Last Friday was Google’s 15th birthday, and the world’s search engine BFF generously gave us two presents!
Hummingbird Update Increases Functionality
First of all, they announced a new algorithm called “Hummingbird,” which they say is the most significant update to the algorithm to date. However, unlike past updates like Panda and Penguin, Hummingbird does not affect the ranking or valuation of web sites as much as it affects user experience and functionality.
In fact, you could argue that this is hardly news at all since the new features are logical extensions on current features and functionality, such as contextual searching and the Knowledge Graph. Just like an athlete is expected to train in the off-season and perform better season after season, we expect Google to continually find ways to improve its flagship service (but if you’ve used any of their other services like Calendar or Spreadsheets, you can see where their priorities lie).
Now then. Hummingbird. What’s new?
I could probably get away with saying “nothing,” but that wouldn’t be fair. As mentioned above, these are logical additions to Google search based on what they’ve been building, but Hummingbird was only announced on Friday. The changes made so much sense that they had actually been implemented months ago and no one really took much notice.
It seems that the main point of Hummingbird is an enhanced ability to find answers to long queries. Think about it: up until now, we’ve mostly been searching using short keywords and phrases through a keyboard or a cell phone touch pad. Now, however, most—if not all—smartphones on the market today have the capability to be talked to. The iPhone has Siri and Android has S Voice, both are products that are capable of receiving a full human question through speech and turning that into an answer. And up until now, the results have sometimes been inaccurate or they have left something to be desired.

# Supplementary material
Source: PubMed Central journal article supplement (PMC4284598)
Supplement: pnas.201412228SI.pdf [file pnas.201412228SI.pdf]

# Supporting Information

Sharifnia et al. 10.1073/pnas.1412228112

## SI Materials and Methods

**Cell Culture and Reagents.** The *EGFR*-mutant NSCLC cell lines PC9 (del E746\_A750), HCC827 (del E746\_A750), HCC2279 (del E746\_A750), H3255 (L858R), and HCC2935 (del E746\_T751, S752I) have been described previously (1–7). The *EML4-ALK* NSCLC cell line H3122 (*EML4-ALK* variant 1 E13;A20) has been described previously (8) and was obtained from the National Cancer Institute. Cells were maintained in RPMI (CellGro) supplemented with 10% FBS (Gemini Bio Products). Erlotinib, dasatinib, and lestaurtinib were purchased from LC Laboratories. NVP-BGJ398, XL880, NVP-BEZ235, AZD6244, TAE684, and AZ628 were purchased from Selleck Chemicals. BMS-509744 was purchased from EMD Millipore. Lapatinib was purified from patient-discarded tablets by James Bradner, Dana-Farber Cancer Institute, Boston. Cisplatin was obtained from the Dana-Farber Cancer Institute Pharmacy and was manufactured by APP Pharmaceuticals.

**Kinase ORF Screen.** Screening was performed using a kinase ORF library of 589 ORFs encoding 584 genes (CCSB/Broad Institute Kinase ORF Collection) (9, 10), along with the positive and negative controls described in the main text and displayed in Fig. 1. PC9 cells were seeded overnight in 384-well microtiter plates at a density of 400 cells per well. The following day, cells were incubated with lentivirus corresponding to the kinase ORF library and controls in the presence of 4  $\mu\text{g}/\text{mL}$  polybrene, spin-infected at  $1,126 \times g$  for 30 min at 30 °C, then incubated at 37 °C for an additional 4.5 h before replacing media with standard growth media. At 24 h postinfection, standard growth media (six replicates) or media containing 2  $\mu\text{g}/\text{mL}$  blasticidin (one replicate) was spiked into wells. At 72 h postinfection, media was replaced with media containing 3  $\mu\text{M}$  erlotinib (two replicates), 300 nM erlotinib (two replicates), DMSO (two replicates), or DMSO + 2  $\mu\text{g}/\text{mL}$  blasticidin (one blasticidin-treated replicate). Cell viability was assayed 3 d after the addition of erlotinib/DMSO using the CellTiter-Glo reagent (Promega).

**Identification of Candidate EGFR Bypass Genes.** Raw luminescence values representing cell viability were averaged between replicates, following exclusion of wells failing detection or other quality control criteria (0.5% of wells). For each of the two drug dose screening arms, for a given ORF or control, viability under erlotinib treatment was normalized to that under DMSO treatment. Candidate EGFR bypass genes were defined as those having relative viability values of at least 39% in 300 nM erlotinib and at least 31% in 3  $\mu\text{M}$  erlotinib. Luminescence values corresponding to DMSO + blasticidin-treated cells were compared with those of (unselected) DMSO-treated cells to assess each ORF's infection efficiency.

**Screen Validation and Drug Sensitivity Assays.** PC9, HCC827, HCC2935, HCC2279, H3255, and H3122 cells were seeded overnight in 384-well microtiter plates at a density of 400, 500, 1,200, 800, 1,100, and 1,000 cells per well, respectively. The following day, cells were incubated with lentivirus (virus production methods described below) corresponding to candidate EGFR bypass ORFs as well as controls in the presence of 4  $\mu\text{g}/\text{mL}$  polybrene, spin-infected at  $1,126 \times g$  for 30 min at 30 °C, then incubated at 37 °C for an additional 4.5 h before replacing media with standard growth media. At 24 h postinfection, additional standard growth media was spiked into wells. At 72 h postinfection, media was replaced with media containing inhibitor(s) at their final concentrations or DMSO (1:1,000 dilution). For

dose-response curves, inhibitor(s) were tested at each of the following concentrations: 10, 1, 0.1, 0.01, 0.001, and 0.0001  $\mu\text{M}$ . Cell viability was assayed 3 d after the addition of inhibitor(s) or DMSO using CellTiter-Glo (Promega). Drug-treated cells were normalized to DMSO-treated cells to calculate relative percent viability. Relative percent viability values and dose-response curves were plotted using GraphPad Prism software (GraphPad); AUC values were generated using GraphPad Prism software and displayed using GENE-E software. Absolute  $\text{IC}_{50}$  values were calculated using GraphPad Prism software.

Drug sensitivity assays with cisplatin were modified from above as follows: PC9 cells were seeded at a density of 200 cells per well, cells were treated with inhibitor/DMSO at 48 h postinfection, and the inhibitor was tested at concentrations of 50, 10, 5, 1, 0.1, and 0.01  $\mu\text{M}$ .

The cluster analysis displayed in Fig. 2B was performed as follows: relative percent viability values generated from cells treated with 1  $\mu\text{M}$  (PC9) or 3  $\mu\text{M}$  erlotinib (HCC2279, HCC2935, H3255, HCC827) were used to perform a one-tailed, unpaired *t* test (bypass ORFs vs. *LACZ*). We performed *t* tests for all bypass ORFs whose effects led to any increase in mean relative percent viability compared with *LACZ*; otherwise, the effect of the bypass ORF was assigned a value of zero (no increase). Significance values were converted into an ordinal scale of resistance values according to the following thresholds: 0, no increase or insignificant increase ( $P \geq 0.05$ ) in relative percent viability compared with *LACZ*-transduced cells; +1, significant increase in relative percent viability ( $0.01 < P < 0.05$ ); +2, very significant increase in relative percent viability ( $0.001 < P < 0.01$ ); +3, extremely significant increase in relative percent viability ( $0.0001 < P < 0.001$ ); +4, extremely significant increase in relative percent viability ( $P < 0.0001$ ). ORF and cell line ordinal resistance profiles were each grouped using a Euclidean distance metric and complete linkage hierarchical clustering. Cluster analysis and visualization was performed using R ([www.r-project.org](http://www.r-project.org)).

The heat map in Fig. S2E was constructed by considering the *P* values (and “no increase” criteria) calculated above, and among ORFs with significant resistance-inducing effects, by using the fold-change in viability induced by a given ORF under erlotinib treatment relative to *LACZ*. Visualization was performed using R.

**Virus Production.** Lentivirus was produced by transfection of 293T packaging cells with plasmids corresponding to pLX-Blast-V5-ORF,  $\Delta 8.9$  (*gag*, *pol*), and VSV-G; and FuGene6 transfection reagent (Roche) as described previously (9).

Now Google is better able to take these long queries—like a full question—and ‘translate’ that into a real-world answer. For example, now when you ask a question like, “what’s the distance to Milwaukee from here?“, Google automatically pulls up a map showing the driving distance from your location (gathered either from your computer’s IP address or from your phone’s GPS or mobile data signal), complete with one-click driving directions.
Google also uses its Knowledge Graph and better contextual understanding of language to answer these kinds of long-form questions. Here’s something to try: tell Google “show me pictures of the Gateway Arch“. Right there at the top is the answer: pictures of the Arch! And without having to click further, you have all of the Knowledge Graph information on the right as well. (But we’ve seen hints of this before.)
The cool part is that Google is now better able to pick apart a query to determine what you want to find out. It knows you want to see images of the Arch, so that’s what it delivers—along with other handy information. And even though it has limited functionality right now, Google can also remember what you searched and string searches together.
For example, after you searched for pictures of the Arch, you could then ask Google “how tall is it?” and get the answer you were looking for: the height of the Arch. Google is smart enough to know what you were probably referring to with “it”.
Change in Mobile Ads Could Affect Prices
Google also decided to change something else on its birthday: the way mobile ads look.
This was a slight change, but it could have surprisingly wide-reaching effects. Over the last few months, the Federal Trade Commission (FTC) has been getting stricter about businesses and individuals disclosing their ads online. This can be seen on Twitter when a celebrity endorses a product and has to use a hashtag like #ad or #paid (B-listers are particularly vulnerable) just as a mobile PPC ad now says “Ad” very clearly in yellow on the ad itself.
There will still be up to three ads that show up on a mobile search, but the fear is that as consumers get used to their placement and see their designation so clearly, they may be more likely to quickly swipe down to the other results, ignoring the ad. This could, in turn, drive the price of certain ad groups downward because of decreased demand. However, it will take some time before this kind of eventuality can be determined.
We always stay on the lookout for updates and changes from Google. It’s can be a busy job, though.